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Beware: FileZilla Doesn’t Protect Your Passwords

   01 Sep 09   Filed in Tips and Tricks

2009 is the year of malware attacks that use stolen FTP credentials to infect legitimate web sites. Hundreds of thousands websites have been hacked this way and suffered from hidden iframe injections, Gumblar, redirections to bogus anti-virus sites, etc.

The success of those attacks is based on the fact that a significant percentage of web surfer are webmasters and site owners themselves. Once a computer of a site owner is infected, malware can steal his/her FTP credentials and use them to make the site distribute malware to unsuspecting visitors, who, in turn, may also be site owners.  As a result, we see rapid growth in number of compromised websites.

There are quite a few hypotheses about how cibercriminals steal the credentials: traffic sniffing, using keyloggers, etc. But the most viable is that trojans simply extract everything they need from configuration files of popular FTP programs.  Let me show how easy it can be done.


Lets take a very popular free FTP client called FileZilla. For this experiment, I downloaded and installed the latest version

Adding new site

Then I added a fictitious site “” with username “unmask” and password “parasites“. Logontype is “Normal” – this is probably the most popular type since it allows one-click connection and doesn’t require that you enter username/password every time. Then I clicked OK to save the new settings.

Adding new site

FileZilla configuration files

FileZilla is a cross-platform application. That’s why it stores its settings in platform-neutral XML files.

FileZilla configuration files


XML files are human readable. This is what I discovered in the sitemanager.xml file right after I added a new site to FileZilla.


As you can see, everything is stored in plain text, including the password.


When I tried to connect to “”, FileZilla added the following <LastServer> section to filezilla.xml. Again, everything in plain text.


Quick connect

FileZilla has a quickconnect bar that allows you to connect to servers without adding them to the Site Manager.  When I used it, similar information was added to recentservers.xml (needless to say, unencrypted).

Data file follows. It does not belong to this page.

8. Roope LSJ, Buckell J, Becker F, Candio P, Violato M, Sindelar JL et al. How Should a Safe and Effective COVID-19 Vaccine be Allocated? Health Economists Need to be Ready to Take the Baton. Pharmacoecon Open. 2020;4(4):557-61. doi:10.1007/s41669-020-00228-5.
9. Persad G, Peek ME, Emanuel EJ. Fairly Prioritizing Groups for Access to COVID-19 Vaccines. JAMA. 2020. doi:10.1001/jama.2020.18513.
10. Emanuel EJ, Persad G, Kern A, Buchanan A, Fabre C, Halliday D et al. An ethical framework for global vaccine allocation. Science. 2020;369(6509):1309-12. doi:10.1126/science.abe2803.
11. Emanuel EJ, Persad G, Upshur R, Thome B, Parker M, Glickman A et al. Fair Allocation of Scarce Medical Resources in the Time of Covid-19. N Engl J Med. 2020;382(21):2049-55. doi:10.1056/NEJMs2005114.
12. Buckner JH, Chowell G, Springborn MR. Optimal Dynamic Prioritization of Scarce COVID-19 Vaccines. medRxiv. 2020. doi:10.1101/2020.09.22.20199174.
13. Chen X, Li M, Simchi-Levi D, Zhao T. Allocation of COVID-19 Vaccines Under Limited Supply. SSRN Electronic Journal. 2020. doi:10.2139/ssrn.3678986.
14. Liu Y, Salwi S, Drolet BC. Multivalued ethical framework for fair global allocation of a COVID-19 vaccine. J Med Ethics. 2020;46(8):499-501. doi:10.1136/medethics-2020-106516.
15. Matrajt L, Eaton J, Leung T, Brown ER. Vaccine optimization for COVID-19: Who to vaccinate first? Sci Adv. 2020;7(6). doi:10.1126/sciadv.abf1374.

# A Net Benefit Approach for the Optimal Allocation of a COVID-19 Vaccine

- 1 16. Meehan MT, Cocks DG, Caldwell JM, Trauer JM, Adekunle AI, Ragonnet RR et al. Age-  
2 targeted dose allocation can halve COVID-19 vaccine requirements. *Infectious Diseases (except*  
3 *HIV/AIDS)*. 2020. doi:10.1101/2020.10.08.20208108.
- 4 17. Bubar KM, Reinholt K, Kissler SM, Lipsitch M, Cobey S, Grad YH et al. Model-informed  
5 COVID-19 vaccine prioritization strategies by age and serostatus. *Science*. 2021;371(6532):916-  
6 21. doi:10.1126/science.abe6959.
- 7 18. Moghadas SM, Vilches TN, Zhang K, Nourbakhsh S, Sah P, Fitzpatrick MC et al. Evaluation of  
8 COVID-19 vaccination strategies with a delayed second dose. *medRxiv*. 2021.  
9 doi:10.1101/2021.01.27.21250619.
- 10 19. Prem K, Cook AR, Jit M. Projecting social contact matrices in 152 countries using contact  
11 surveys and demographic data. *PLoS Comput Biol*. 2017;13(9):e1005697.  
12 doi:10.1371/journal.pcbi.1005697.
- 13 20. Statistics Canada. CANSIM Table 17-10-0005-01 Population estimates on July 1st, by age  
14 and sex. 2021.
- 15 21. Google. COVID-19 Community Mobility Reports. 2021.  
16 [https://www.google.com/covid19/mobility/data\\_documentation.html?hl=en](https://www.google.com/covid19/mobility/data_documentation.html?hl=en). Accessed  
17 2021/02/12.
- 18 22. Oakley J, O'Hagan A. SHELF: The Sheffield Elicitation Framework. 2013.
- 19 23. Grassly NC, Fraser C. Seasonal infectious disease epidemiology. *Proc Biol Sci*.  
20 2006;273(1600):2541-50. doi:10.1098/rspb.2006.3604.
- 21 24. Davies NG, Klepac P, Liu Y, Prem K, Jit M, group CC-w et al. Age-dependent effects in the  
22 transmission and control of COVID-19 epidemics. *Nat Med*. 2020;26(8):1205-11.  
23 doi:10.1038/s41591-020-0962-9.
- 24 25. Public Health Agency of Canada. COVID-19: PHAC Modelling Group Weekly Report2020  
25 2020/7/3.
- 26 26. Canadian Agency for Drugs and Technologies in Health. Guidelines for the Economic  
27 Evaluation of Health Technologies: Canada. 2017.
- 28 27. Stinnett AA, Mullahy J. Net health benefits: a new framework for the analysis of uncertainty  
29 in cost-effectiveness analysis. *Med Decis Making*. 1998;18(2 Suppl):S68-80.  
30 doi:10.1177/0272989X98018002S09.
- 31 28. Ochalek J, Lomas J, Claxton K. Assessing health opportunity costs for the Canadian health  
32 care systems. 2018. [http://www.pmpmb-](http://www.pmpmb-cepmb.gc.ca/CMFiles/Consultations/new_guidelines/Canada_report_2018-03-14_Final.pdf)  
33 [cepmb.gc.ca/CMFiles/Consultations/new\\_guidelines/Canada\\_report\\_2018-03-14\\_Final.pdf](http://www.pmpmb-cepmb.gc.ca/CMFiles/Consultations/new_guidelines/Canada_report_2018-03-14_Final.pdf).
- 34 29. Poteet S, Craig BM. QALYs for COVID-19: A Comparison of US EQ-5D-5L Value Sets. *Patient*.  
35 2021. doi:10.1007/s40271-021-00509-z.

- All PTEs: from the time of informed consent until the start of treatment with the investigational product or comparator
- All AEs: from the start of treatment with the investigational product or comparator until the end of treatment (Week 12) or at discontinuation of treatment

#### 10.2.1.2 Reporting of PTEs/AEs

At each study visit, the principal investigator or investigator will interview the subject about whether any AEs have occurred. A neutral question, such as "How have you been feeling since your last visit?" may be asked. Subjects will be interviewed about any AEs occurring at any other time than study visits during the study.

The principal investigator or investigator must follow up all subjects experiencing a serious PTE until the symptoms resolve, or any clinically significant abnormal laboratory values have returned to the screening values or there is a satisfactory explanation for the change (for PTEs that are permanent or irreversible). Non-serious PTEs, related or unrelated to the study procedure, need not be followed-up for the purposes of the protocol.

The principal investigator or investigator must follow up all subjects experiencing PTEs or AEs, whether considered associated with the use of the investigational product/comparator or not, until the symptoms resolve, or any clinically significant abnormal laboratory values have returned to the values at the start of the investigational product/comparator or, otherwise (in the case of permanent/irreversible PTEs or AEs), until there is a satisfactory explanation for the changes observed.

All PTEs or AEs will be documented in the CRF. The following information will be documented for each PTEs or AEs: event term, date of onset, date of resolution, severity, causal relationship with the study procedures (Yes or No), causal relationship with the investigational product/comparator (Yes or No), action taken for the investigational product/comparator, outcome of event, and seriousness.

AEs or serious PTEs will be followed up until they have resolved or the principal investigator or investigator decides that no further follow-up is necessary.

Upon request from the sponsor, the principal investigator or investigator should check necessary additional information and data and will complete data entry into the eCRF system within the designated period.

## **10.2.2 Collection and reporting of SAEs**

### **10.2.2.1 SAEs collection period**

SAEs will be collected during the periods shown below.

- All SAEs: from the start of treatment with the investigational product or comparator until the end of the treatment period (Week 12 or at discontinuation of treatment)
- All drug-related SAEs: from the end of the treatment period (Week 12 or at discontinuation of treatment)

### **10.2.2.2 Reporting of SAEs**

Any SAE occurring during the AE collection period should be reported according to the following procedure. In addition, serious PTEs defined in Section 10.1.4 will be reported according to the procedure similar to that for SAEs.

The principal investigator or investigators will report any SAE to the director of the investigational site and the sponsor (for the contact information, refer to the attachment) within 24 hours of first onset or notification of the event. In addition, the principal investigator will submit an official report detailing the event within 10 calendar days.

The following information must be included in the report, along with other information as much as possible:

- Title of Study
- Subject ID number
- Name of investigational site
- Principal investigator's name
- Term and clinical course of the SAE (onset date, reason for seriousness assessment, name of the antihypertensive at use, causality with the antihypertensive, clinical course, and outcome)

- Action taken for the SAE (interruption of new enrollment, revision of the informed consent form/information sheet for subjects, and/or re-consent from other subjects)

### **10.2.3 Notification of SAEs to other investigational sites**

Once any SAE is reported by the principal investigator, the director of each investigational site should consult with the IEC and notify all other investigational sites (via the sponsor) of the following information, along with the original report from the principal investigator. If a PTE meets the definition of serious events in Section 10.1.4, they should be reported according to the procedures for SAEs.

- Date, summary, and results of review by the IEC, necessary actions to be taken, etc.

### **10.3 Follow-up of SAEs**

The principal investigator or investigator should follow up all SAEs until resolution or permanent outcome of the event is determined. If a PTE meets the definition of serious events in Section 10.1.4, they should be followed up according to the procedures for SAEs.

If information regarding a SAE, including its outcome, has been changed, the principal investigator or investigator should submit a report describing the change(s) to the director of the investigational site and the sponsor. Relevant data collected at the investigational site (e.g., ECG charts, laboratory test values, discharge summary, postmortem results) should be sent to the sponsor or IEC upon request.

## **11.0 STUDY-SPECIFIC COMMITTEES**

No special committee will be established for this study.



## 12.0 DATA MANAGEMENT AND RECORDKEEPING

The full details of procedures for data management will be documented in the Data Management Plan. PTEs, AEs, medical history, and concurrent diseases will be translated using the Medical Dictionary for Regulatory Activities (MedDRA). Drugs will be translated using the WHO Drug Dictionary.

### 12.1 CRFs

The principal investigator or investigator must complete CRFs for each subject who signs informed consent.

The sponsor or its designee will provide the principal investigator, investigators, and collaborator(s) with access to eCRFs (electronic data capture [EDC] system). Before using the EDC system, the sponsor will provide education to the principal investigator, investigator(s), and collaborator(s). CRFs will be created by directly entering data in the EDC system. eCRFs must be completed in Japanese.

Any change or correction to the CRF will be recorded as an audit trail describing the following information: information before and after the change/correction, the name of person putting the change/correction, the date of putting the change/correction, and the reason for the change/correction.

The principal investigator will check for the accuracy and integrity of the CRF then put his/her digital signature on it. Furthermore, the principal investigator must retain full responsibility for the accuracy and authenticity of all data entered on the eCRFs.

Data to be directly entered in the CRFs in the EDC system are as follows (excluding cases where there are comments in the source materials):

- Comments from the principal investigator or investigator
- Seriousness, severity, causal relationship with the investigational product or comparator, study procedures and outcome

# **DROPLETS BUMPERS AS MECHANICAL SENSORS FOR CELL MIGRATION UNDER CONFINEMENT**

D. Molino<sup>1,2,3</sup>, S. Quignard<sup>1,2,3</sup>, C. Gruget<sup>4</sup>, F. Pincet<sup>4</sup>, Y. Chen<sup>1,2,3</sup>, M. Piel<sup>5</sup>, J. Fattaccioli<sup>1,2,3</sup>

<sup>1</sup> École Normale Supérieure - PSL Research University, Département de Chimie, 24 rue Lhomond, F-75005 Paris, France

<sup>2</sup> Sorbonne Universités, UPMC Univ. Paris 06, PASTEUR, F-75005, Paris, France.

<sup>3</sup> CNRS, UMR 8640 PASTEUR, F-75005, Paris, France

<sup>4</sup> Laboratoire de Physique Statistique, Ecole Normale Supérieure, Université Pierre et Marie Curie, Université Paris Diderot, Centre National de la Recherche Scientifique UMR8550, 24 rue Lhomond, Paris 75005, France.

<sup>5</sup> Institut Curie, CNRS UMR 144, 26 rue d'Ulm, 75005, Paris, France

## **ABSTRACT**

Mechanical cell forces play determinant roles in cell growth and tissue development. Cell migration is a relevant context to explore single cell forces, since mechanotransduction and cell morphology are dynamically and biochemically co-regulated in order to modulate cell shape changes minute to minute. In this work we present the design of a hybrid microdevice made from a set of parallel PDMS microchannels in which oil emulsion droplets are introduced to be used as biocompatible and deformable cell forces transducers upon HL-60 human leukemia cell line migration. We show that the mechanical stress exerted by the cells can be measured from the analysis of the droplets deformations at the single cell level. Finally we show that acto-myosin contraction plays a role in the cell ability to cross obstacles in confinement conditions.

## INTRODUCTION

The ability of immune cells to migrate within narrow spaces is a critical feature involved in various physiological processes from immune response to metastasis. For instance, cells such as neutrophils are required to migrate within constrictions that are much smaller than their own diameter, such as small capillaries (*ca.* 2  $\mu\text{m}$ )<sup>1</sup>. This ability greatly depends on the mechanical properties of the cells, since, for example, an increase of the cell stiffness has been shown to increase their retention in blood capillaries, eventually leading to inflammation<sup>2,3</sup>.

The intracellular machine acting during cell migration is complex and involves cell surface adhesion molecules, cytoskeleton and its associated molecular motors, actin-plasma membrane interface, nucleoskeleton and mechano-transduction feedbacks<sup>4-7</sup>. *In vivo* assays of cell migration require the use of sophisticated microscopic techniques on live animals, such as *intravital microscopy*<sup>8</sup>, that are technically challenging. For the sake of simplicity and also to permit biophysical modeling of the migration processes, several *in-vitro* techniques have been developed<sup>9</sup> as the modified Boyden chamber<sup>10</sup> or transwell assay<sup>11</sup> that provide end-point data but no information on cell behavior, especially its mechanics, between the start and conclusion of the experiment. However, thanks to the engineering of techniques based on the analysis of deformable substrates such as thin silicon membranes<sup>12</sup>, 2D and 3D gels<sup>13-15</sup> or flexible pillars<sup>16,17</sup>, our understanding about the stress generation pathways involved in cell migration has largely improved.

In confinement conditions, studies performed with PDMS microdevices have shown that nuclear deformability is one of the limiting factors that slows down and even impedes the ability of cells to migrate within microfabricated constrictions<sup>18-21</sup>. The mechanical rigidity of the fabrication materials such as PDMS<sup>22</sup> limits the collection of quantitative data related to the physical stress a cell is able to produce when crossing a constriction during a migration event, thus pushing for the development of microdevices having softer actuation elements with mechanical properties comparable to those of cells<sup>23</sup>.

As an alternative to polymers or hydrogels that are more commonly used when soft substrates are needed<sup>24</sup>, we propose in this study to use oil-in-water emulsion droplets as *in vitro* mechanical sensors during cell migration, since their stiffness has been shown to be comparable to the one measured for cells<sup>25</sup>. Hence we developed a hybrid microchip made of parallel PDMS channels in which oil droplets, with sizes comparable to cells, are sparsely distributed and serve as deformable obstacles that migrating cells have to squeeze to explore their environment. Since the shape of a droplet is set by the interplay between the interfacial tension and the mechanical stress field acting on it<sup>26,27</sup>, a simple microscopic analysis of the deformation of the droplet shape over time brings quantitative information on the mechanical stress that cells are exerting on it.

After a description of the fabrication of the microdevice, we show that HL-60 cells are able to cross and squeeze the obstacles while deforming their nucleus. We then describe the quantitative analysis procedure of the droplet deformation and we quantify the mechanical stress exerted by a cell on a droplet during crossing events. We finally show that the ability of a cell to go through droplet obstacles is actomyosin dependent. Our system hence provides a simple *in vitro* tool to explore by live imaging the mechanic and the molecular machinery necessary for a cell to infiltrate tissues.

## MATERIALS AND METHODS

Anyone wants my passwords?

As you can see, any program on your computer, legitimate and malicious, can read this information. Moreover, any person who have access (even for a couple of minutes only) to your computer, can easily steal your FTP credentials. And there are known trojans that do steal personal information from configuration data of popular programs (thanks Alec Waters who sent me this link).

Did you know this? Can you trust every program on your computer? Have you recently had malware issues? What about spyware that your anti-virus failed to detect (no program is perfect)?

This is “by design”

At FileZilla they clearly state that they don’t want to encrypt or hide your sensitive information:

This is by design, it is the task of the operating system to protect your private data.

Probably they are right. Unfortunately, there is no such thing as 100% secure operating system. And in case of Windows, where viruses and spyware are not that rare, I would be very concerned if I knew that my data is protected by the operating system only.

I know, that encrypting passwords is not a good solution either. Malware authors can reverse-engineer FTP clients and extract the decryption algorithm (in case of open source programs they only need to read the source code). So encryption can’t stop malware from stealing FTP credentials. It can only save you from eyes of strangers who have access to your computer.

The protection can only be sufficiently strong if users are required to enter their “master password” every time they open the program (like in KeePass). However this approach makes the convenience of storing FTP passwords in FTP clients questionable – you still have to remember and enter some password on every use. That’s why it is not used in FTP programs (that I know of).

The flaw in the design

So I agree with FileZilla. It is sensible to store FTP credential in plain text when you choose the “Normal” logon type. But only if users are aware of the risks.